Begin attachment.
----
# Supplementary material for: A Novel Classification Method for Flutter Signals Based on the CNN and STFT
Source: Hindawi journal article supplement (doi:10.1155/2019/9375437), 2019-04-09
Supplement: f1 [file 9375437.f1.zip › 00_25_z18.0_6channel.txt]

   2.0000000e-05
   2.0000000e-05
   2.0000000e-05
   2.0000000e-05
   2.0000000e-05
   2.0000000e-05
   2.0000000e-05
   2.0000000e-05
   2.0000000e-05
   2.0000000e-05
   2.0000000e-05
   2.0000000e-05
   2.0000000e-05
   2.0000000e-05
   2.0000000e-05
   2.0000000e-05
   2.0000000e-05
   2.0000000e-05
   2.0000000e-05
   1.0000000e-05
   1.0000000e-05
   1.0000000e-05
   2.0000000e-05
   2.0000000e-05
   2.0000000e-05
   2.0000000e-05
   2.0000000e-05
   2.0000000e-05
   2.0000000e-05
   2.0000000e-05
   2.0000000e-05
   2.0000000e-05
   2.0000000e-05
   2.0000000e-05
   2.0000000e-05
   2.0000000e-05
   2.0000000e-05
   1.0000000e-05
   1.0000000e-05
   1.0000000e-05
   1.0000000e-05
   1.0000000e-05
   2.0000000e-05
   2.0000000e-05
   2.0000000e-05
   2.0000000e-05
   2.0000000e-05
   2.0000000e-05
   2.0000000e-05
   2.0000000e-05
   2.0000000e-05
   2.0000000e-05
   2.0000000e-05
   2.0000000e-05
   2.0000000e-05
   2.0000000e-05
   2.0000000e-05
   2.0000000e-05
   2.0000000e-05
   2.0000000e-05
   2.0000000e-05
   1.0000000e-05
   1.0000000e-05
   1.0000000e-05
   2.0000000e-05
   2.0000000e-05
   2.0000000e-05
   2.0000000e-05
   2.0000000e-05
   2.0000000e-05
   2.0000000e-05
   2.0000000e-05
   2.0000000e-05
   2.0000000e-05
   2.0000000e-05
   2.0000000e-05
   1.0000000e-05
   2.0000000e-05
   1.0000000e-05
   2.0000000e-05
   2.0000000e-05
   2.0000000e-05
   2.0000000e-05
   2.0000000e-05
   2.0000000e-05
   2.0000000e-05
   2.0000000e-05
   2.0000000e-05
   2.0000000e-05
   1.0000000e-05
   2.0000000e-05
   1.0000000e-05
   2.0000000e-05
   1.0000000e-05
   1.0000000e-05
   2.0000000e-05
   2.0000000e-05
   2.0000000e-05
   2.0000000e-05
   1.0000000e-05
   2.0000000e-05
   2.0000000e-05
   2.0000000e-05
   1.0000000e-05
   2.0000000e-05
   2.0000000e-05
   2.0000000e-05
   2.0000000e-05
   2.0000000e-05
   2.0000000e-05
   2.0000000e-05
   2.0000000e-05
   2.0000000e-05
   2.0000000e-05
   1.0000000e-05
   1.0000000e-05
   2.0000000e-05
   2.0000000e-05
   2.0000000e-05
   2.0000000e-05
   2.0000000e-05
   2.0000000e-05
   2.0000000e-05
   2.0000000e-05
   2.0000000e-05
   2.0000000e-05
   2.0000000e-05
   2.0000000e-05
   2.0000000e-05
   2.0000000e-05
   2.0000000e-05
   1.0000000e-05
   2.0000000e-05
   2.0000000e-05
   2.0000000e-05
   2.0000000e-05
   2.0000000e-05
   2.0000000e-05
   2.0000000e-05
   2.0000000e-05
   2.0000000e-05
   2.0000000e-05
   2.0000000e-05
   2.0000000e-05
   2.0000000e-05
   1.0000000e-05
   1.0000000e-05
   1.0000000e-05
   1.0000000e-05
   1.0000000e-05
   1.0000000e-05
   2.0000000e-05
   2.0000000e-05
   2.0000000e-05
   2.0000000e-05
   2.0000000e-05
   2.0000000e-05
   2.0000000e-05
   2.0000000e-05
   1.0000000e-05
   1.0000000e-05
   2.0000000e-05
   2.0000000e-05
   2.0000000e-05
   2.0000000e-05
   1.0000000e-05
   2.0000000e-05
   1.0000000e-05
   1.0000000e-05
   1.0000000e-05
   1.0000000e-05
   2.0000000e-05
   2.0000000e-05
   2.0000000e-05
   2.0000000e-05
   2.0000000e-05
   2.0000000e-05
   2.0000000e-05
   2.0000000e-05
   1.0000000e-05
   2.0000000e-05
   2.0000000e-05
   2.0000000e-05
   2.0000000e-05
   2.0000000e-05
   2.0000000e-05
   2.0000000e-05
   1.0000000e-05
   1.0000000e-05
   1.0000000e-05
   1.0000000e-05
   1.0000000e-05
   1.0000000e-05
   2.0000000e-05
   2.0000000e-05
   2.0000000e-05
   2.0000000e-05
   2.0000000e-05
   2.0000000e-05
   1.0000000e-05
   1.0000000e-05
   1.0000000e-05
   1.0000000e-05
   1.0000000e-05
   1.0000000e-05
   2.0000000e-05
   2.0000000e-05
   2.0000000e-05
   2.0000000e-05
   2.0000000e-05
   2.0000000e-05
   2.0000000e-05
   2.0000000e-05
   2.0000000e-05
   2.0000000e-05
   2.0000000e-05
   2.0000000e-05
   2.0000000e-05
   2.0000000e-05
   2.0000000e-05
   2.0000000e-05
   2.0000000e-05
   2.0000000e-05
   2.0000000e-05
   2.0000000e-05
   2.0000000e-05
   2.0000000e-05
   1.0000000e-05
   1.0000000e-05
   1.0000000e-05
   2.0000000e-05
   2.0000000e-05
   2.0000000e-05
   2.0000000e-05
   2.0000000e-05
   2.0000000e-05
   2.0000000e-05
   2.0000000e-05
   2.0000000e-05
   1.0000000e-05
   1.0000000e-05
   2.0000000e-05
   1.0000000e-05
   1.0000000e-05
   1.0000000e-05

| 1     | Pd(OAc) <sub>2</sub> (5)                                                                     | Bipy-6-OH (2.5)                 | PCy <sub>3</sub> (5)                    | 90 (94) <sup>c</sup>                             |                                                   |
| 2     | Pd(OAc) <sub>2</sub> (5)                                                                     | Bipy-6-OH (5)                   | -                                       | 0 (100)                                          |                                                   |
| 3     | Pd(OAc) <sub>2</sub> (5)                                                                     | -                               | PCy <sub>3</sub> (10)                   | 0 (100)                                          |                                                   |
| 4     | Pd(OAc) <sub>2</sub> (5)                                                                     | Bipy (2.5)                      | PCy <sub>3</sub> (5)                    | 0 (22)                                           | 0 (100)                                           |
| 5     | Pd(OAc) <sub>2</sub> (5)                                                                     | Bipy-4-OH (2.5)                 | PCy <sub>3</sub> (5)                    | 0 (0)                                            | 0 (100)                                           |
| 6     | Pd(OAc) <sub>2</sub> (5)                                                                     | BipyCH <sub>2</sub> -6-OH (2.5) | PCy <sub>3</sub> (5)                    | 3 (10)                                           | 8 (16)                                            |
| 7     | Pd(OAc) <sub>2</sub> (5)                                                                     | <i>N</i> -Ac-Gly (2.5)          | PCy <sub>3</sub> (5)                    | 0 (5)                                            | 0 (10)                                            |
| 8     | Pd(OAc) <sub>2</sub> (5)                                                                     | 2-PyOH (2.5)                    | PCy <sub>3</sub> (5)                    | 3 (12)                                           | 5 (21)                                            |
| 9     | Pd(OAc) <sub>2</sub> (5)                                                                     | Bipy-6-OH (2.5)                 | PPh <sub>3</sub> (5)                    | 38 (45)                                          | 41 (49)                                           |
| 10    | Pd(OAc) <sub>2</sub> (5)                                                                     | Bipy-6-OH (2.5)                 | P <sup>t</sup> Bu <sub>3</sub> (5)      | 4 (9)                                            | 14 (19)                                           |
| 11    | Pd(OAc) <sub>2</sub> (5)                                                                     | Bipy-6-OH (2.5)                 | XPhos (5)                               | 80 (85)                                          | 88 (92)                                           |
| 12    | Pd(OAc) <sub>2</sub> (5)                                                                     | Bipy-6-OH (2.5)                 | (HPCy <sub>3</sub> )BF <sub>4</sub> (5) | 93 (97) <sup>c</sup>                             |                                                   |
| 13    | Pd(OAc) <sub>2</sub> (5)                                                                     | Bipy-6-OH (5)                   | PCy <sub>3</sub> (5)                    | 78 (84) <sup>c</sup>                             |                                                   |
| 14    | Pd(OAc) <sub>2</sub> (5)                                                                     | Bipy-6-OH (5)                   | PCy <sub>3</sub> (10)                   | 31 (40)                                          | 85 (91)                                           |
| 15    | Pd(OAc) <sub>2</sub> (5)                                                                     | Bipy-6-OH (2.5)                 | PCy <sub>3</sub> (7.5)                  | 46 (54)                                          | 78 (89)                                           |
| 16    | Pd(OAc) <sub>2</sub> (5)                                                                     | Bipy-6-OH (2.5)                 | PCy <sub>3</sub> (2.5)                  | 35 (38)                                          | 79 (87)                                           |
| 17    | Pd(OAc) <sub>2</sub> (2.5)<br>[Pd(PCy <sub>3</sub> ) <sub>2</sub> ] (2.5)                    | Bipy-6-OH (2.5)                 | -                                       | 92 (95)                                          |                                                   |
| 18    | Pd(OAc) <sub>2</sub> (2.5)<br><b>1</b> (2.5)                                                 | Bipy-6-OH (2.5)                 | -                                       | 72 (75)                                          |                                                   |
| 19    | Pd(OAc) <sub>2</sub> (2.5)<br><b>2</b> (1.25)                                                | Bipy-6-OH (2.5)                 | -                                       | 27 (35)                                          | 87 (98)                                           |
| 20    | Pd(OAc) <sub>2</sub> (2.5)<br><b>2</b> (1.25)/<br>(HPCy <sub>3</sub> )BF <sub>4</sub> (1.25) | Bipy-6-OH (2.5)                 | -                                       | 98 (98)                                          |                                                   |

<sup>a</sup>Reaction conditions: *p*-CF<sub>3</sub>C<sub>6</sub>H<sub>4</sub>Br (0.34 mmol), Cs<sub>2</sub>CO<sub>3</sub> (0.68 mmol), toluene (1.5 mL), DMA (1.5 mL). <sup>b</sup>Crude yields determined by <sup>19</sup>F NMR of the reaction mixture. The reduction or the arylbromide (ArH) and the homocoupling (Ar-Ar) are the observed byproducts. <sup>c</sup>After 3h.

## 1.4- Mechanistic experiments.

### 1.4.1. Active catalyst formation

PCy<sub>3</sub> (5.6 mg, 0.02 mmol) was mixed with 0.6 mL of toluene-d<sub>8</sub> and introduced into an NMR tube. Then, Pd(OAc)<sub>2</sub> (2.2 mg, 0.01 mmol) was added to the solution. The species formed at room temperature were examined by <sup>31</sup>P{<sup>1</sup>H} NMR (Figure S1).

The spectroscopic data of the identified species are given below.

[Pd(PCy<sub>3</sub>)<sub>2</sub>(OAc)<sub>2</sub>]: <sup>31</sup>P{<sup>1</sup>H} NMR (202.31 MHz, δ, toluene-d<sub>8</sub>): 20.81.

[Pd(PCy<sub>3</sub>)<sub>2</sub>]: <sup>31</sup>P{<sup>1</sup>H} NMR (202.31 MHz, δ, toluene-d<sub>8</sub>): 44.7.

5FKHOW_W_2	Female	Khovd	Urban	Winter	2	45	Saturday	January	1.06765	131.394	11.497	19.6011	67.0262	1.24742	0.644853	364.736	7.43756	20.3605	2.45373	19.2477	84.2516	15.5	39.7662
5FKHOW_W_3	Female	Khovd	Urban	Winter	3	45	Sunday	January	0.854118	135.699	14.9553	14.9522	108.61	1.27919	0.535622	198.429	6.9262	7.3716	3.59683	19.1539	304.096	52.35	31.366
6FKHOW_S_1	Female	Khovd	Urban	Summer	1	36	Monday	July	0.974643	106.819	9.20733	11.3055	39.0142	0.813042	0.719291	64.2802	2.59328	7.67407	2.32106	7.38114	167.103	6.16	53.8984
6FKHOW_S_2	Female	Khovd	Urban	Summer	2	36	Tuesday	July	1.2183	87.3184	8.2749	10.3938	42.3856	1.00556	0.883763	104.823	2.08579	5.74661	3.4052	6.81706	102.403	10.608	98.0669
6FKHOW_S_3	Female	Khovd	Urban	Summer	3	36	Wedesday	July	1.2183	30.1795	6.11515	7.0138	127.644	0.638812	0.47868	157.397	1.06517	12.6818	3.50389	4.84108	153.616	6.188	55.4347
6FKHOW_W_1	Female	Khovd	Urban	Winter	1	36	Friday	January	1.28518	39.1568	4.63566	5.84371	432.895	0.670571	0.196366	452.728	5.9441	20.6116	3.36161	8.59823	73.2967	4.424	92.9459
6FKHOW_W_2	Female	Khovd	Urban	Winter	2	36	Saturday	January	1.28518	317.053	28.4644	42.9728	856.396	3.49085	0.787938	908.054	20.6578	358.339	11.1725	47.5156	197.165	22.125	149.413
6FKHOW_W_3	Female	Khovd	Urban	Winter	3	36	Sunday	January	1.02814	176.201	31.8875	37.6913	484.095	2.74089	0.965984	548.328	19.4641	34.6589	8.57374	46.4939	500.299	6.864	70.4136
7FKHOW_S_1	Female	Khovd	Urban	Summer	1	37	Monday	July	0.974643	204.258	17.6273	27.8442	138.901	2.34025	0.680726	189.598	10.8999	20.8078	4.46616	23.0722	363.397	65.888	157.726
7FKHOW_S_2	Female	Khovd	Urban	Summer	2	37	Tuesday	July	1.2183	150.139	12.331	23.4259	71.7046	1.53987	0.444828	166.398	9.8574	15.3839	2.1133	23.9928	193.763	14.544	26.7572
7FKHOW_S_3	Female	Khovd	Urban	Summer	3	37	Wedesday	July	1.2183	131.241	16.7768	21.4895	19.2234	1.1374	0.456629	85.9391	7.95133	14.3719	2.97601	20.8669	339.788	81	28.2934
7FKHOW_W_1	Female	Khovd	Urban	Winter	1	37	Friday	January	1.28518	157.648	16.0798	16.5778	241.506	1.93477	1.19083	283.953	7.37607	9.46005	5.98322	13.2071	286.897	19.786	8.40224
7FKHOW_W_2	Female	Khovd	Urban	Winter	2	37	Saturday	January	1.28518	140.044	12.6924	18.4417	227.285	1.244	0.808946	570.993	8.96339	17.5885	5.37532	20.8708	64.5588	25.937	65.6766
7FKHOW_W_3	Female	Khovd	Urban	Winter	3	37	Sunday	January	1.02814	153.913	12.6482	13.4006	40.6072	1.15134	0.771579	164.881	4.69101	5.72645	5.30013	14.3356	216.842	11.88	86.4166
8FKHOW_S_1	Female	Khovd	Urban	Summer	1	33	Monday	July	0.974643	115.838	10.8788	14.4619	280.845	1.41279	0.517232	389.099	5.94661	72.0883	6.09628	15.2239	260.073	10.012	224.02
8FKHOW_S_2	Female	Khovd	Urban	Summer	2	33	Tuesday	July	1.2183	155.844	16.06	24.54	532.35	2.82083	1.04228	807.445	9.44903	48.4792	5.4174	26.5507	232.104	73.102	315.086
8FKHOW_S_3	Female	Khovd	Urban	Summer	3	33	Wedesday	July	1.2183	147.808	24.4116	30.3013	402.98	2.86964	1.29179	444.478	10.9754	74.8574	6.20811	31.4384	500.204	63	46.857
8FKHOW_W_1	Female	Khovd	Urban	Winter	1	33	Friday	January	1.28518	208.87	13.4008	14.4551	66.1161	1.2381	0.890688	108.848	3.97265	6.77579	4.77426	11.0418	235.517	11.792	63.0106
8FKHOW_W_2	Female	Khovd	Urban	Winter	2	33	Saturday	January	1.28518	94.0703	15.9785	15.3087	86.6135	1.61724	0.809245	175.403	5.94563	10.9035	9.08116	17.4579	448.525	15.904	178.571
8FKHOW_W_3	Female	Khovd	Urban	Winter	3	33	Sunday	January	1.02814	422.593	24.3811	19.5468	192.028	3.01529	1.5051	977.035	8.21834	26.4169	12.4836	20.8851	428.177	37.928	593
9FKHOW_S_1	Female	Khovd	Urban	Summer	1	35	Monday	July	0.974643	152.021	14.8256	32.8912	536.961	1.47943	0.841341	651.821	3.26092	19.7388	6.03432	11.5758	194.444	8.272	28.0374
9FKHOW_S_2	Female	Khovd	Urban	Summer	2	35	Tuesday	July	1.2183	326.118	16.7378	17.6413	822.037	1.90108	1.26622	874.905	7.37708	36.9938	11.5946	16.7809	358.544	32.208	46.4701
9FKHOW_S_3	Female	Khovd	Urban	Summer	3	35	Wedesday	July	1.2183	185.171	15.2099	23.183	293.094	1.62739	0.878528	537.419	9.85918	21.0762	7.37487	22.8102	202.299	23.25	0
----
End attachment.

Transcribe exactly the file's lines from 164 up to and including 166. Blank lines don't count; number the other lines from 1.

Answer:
   1.0000000e-05
   2.0000000e-05
   2.0000000e-05